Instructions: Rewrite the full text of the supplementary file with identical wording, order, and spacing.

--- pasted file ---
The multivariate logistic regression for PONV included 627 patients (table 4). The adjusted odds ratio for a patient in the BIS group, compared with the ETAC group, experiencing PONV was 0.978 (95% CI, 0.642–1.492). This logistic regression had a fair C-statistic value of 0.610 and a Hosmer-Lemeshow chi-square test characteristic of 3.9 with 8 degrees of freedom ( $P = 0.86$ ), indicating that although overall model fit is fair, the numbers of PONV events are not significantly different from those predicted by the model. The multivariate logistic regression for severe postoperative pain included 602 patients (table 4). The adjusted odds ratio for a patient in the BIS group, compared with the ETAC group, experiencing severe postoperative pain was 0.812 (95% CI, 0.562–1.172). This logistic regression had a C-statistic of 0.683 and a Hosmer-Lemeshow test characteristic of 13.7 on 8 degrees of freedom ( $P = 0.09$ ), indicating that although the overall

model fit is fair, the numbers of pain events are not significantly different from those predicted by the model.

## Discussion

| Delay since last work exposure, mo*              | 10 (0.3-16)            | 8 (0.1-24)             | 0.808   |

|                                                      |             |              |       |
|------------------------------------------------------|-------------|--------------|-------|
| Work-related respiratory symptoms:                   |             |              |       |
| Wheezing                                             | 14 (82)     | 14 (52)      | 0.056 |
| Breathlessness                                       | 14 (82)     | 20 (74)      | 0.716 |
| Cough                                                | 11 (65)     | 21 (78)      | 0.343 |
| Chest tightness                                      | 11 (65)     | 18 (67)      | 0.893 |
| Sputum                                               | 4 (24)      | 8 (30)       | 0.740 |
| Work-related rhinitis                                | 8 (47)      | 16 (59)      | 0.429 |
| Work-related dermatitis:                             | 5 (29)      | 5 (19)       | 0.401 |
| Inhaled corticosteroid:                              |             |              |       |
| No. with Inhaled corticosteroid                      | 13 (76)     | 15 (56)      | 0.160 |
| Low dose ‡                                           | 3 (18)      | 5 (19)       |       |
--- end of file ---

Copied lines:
The multivariate logistic regression for PONV included 627 patients (table 4). The adjusted odds ratio for a patient in the BIS group, compared with the ETAC group, experiencing PONV was 0.978 (95% CI, 0.642–1.492). This logistic regression had a fair C-statistic value of 0.610 and a Hosmer-Lemeshow chi-square test characteristic of 3.9 with 8 degrees of freedom ( $P = 0.86$ ), indicating that although overall model fit is fair, the numbers of PONV events are not significantly different from those predicted by the model. The multivariate logistic regression for severe postoperative pain included 602 patients (table 4). The adjusted odds ratio for a patient in the BIS group, compared with the ETAC group, experiencing severe postoperative pain was 0.812 (95% CI, 0.562–1.172). This logistic regression had a C-statistic of 0.683 and a Hosmer-Lemeshow test characteristic of 13.7 on 8 degrees of freedom ( $P = 0.09$ ), indicating that although the overall

model fit is fair, the numbers of pain events are not significantly different from those predicted by the model.

## Discussion

| Delay since last work exposure, mo*              | 10 (0.3-16)            | 8 (0.1-24)             | 0.808   |

|                                                      |             |              |       |
|------------------------------------------------------|-------------|--------------|-------|
| Work-related respiratory symptoms:                   |             |              |       |
| Wheezing                                             | 14 (82)     | 14 (52)      | 0.056 |
| Breathlessness                                       | 14 (82)     | 20 (74)      | 0.716 |
| Cough                                                | 11 (65)     | 21 (78)      | 0.343 |
| Chest tightness                                      | 11 (65)     | 18 (67)      | 0.893 |
| Sputum                                               | 4 (24)      | 8 (30)       | 0.740 |
| Work-related rhinitis                                | 8 (47)      | 16 (59)      | 0.429 |
| Work-related dermatitis:                             | 5 (29)      | 5 (19)       | 0.401 |
| Inhaled corticosteroid:                              |             |              |       |
| No. with Inhaled corticosteroid                      | 13 (76)     | 15 (56)      | 0.160 |
| Low dose ‡                                           | 3 (18)      | 5 (19)       |       |